I felt I should cry too. I squeezed my eyes several times, and pinched myself harder. But no tear welled up. I must have drawn all of it out last night, I consoled myself in a feeble attempt to justify the numbness I felt.
‘I will wait,’ he promised before we ended that talk.
I asked myself the whole night if I should take his word seriously. Believe him, my heart whispered. Don’t be foolish! my head loud-hailed.
Five years later, I repeated the same thing to him. This time he didn’t ask me why, which was just as well, because I still had no answer why I wouldn’t love him.
Last Sunday, four more years later, my former classmate emailed me informing me of his wedding date, which coincides with my return. I didn’t receive his invitation card. I believed it must have gotten lost in the mail, having to travel such distance, with the added confusion of our reversed days and nights. Penny, the school gossip and my only link to that era wrote—the bride-to-be was our junior in secondary school.
From the moment I knew about his upcoming wedding to now, I have not stopped thinking about something, and for the past seven nights, struggled with my desire and my morals. In a familiar rebound, my body is going through a divorce again—my heart and mind signing the separation papers.
Train No. 8 wheels into the station, spits out its assorted contents onto the platform and swallows even more into its slender and fit stomach. A cacophony of swooshing, tapping, stomping, ringing, shaking, vibrating, cranking, chatting, laughing and yelling, swells like escaped gas in the air and envelops you. You feel dizzy in all this bustling.
As the train departs, yet again, you regain your full view of the couple, who are still absorbed in their own world of passion, their lake of bliss, kissing like they were about to die the next minute, next second.
How could anyone live like there isn’t anything or anyone else in this world to care about? you wonder. It must be their culture, you rationalise in your head, we don’t do this in Singapore. We don’t kiss like this in public, at least not in a subway station. No, we don’t. You re-affirm it in your head.
Your eyes scan the jet-black skirt suit she wears over a white blouse that looks like it has some frills at the chest, given those few and far between glimpses you have when his chest is not pressed against hers, and factoring in your distance. She must be much older than you, you conclude. Why, you’re almost certain that you see a set of crow’s feet clawing out from the edges of her eyes! It must have been age that makes her so bold, so oblivious to her surroundings.
You try to convince yourself that you just need a few more years, and then you too will have the courage to follow your heart. You are trying so hard to convince yourself that your heart hurts. The pain of your memories, plus the agony and the envy of this picture before you makes you breathless. At the same time, your memory continues to draw you in …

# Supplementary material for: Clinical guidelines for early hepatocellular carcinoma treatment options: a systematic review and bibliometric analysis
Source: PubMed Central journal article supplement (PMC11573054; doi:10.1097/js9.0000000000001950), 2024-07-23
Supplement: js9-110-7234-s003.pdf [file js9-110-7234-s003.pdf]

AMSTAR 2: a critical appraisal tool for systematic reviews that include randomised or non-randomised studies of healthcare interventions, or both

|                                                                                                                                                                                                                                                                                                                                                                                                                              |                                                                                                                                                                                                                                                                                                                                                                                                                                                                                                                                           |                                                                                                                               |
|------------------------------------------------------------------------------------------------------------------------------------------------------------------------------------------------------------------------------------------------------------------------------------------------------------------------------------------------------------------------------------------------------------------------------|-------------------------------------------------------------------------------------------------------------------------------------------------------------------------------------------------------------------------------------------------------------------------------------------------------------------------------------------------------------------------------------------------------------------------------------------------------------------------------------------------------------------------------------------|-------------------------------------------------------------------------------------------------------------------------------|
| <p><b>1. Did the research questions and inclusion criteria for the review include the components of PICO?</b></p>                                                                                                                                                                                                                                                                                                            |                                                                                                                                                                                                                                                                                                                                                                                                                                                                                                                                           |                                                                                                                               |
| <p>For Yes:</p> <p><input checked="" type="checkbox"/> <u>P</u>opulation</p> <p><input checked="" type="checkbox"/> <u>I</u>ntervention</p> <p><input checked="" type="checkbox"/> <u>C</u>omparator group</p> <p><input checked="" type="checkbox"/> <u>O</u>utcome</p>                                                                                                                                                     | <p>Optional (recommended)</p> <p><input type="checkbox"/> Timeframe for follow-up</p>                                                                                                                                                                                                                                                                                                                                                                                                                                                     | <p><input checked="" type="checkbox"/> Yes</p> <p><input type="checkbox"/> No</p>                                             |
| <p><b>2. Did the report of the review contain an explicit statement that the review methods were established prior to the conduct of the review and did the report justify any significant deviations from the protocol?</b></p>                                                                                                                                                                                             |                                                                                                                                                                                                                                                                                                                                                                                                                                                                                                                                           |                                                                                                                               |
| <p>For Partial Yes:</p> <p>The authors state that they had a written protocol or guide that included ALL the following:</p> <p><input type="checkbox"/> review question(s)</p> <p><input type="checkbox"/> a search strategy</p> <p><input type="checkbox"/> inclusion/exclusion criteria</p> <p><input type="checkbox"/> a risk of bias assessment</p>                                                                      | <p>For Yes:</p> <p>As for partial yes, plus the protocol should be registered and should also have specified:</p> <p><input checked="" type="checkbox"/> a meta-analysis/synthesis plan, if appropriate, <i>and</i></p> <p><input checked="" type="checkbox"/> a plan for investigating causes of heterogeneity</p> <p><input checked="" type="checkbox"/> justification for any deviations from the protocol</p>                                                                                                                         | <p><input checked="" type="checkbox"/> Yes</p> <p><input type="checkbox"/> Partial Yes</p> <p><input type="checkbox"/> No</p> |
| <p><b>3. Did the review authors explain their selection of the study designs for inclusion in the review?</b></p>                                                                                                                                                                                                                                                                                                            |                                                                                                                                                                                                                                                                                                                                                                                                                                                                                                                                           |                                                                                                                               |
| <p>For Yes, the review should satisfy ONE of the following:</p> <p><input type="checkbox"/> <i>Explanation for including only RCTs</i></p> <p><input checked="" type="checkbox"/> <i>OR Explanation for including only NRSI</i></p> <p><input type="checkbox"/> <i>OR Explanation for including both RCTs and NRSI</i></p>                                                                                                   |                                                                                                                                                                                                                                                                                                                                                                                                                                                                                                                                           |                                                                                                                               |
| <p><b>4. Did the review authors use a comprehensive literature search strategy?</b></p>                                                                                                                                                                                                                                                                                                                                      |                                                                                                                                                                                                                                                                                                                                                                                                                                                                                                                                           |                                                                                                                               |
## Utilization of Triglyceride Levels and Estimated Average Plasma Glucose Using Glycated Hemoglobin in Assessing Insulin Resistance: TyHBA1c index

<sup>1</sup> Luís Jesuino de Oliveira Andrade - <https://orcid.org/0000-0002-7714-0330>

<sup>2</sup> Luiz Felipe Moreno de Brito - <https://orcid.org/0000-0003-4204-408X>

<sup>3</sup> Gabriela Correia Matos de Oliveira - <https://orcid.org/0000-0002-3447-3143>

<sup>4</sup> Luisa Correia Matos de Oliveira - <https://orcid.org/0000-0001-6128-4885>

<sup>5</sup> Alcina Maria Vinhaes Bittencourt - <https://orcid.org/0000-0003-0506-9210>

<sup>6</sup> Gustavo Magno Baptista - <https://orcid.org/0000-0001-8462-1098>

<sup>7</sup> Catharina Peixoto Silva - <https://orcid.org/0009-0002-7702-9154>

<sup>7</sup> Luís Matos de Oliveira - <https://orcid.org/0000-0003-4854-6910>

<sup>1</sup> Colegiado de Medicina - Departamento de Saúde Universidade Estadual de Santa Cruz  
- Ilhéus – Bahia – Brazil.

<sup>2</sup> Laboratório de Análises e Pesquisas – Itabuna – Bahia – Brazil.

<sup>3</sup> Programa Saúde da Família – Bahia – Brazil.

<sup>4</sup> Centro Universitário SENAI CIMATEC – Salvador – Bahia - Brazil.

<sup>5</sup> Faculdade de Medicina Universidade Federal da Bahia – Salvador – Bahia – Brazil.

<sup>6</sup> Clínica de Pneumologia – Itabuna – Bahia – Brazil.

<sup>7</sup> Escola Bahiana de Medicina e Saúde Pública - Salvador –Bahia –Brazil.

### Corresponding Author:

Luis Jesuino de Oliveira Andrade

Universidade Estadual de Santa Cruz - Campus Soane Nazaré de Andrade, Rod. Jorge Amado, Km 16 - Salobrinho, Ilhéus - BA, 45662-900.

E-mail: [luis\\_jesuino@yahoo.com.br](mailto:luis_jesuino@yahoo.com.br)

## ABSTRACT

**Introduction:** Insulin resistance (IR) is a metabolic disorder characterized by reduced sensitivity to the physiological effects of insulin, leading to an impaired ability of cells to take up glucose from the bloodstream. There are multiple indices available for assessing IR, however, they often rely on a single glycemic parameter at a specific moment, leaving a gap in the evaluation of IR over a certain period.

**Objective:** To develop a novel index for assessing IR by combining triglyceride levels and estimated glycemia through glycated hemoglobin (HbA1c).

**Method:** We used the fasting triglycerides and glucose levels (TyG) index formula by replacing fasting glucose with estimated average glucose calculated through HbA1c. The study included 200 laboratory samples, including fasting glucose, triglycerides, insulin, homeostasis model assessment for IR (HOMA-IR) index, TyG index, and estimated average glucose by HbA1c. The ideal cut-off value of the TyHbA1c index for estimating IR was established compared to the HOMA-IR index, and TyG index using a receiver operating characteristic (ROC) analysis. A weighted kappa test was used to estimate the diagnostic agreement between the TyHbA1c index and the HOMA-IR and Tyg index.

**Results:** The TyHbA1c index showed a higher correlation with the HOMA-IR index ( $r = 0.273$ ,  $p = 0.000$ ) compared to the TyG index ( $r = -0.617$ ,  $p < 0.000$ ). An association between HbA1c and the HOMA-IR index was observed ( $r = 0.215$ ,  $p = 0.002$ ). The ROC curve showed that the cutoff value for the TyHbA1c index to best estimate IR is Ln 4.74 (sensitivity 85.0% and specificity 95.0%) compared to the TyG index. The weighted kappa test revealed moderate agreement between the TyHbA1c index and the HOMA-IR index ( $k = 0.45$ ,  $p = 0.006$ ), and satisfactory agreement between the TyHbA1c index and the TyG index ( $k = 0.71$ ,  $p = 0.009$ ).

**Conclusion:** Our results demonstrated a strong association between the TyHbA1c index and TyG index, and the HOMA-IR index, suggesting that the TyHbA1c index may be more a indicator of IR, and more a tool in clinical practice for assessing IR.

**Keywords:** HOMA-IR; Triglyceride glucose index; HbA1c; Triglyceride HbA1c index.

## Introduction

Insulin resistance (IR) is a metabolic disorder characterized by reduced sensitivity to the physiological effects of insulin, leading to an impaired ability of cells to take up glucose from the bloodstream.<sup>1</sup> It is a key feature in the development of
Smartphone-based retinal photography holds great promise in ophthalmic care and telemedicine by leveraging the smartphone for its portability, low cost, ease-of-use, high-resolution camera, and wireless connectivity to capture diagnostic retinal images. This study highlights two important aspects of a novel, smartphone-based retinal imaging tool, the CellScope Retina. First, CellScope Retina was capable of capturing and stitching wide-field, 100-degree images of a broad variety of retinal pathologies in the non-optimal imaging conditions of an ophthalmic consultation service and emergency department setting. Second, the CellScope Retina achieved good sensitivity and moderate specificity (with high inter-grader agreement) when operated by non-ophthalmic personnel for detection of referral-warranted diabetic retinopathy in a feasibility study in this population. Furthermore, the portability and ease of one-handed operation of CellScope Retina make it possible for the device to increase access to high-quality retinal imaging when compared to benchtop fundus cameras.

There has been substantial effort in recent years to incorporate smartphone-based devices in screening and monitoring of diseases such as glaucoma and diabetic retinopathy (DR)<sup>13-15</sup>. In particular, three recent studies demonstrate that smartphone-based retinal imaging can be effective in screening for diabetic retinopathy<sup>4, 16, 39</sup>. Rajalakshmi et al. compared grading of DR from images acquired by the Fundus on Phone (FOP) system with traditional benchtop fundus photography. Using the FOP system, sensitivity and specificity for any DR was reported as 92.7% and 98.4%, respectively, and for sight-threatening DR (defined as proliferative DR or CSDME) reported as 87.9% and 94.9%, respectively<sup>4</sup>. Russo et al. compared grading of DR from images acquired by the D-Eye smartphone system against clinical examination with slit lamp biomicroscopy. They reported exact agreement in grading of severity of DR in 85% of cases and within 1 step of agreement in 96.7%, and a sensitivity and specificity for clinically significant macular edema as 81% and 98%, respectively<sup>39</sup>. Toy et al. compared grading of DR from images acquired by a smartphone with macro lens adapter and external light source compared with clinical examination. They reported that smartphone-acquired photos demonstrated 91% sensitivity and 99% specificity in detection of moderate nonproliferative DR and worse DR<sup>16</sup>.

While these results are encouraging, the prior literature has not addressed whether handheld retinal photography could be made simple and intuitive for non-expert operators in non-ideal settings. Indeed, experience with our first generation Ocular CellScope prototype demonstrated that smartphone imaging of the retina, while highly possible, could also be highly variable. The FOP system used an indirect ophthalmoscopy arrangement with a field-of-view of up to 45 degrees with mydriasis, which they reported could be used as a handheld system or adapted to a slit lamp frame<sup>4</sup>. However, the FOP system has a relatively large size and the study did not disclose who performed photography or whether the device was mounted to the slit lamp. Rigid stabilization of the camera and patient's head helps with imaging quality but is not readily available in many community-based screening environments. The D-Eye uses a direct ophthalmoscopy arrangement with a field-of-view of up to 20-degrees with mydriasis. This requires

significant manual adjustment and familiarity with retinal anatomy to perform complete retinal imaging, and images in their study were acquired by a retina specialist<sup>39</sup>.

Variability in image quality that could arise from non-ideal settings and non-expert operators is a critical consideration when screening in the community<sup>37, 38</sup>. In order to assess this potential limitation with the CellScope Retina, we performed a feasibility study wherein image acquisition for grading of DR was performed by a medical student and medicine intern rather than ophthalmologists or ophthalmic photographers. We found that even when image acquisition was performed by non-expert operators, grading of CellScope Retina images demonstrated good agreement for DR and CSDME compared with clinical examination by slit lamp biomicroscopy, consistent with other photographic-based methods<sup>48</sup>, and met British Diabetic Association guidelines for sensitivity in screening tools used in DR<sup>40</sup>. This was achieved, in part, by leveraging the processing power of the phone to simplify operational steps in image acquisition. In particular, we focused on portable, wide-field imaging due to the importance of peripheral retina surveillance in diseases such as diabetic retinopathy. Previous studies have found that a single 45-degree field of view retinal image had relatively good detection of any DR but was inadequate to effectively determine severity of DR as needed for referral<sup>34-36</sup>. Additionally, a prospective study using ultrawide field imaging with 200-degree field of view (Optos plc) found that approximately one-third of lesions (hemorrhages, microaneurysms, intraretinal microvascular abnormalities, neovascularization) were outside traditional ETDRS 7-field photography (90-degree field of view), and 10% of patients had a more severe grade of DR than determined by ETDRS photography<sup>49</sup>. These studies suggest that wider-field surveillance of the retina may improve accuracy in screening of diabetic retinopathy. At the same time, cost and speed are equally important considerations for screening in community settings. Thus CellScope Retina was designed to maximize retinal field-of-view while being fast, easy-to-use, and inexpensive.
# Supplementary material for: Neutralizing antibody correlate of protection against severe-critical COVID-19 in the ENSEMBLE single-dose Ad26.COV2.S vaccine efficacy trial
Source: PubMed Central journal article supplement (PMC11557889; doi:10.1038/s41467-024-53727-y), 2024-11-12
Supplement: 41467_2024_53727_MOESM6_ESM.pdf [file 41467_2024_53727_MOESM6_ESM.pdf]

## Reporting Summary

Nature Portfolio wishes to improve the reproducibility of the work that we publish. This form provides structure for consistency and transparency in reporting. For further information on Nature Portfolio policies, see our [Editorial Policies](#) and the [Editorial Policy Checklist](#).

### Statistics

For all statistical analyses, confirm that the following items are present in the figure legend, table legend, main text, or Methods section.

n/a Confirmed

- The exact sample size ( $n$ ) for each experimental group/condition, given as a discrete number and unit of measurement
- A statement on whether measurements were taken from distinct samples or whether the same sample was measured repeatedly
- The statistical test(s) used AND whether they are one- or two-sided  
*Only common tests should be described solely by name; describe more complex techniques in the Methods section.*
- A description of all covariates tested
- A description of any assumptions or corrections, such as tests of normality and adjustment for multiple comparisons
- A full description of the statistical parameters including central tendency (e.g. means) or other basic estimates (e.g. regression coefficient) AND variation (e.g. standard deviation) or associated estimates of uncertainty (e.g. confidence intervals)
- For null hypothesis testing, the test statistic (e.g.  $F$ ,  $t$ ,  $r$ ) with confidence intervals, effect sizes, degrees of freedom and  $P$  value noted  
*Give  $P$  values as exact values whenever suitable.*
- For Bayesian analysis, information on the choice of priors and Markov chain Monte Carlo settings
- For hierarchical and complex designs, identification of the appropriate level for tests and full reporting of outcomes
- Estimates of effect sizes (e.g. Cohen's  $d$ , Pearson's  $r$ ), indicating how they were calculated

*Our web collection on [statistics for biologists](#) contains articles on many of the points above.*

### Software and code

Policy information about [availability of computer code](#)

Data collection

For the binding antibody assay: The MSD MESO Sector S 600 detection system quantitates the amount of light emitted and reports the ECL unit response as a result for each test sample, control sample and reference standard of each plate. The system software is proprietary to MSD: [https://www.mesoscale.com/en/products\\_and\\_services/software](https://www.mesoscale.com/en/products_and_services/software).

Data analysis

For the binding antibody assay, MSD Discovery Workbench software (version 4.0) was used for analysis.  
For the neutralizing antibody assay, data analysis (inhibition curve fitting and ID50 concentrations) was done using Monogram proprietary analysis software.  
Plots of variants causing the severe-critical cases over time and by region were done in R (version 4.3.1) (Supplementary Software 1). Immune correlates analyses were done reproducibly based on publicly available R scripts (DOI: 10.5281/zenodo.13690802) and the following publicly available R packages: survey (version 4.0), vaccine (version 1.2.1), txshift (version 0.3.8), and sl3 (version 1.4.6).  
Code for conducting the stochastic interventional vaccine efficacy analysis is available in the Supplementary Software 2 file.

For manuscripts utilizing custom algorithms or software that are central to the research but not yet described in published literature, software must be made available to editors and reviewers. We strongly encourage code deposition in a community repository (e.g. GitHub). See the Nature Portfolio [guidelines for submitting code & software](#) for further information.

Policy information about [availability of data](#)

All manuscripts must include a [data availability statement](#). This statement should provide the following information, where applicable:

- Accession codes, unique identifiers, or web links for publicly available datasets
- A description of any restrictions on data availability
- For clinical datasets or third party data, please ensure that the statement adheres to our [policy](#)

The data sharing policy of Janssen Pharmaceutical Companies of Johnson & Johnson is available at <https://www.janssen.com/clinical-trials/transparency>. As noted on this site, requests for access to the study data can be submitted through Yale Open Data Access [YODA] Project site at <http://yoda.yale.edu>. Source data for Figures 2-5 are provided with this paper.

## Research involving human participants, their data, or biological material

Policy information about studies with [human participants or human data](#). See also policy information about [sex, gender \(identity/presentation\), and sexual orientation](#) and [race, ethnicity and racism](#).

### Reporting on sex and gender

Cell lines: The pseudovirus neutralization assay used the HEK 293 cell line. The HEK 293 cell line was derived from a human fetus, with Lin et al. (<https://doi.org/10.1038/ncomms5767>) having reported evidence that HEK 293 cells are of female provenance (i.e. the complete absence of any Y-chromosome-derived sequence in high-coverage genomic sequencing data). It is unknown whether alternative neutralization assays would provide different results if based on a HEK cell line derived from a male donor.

My maternal grandmother had too many children and insufficient love in her bony frame and weak heart to go around so she could only dote on those milestones in her history of motherhood: the firstborn, the lastborn and the only boy; none of whom was my poor mother.
Being born smack in the middle of eight children—and being born a girl—my mother cared for her younger siblings, helped her elder sisters while serving my uncle, the king who ruled everyone with simply a body gesture. She received beatings and beratings more than cuddles and compliments—or candies; or even new clothes for Lunar New year for the matter. So when the matchmaker with a golden front tooth slid through the door—letting her ample butt in first without getting jammed—and examined, with a sly grin, this eighteen-year-old, , my mother, on all fours wiping the floor, immediately made her up mind. .
The marriage proposal gave her a choice. It didn’t matter that she could have married better had she chosen to wait for her childhood sweetheart to return from his studies abroad. All that mattered was to flee from that cold and hard house.
How one gives up love so easily, I wondered about this for a long time. The only reasonable answer to this unfathomable question is that her river of hatred, especially towards my grandmother, overflowed and washed out and flooded every blade of grass that was fertilised by love and longing. Again, it is much, much later that I understood that it wasn’t love that Mum gave up. On the contrary, it was love that she was dying to have when she nodded her head to the matchmaker.
Mum loved Dad in the best way she knew, including turning a blind eye to his extravagant ways and his social gambling, and inventing a rainbow of excuses to placate Grandma, who was upset by Dad’s frequent nights out. ‘Social’ was what Dad claimed, but in my definition, it was habitual. As Dad’s businesses went bust, one after another, as he frittered away his inheritance faster than chocolate melting in your palm, he too melted away from Mum’s life.
I asked my parents separately if they loved each other when they were married. Both gave me the same stare: blank and far.
So they had something in common after all.
If there was no love in their marriage, then the only reason for my existence is clear. I wasn’t a product of passion. I was a product of obligation, which my parents had enough to bring me into this world, yet insufficient to last until I found my own happiness. Hitherto, I closed the door to my heart, and buried the key in such a deep spot that, as the years passed, even I had forgotten its existence. I successfully believed that love was but a fantasy, and a happy marriage was but a fairy tale. That it was only a matter of time before one outgrew these ideas and accepted the reality.
What then is the reality? My mother’s version goes like this: Men cannot be trusted. While my version is: Love won’t last, and a relationship bound by law has the same significance as a child borne out of obligation—it’s all an illusion that fades away.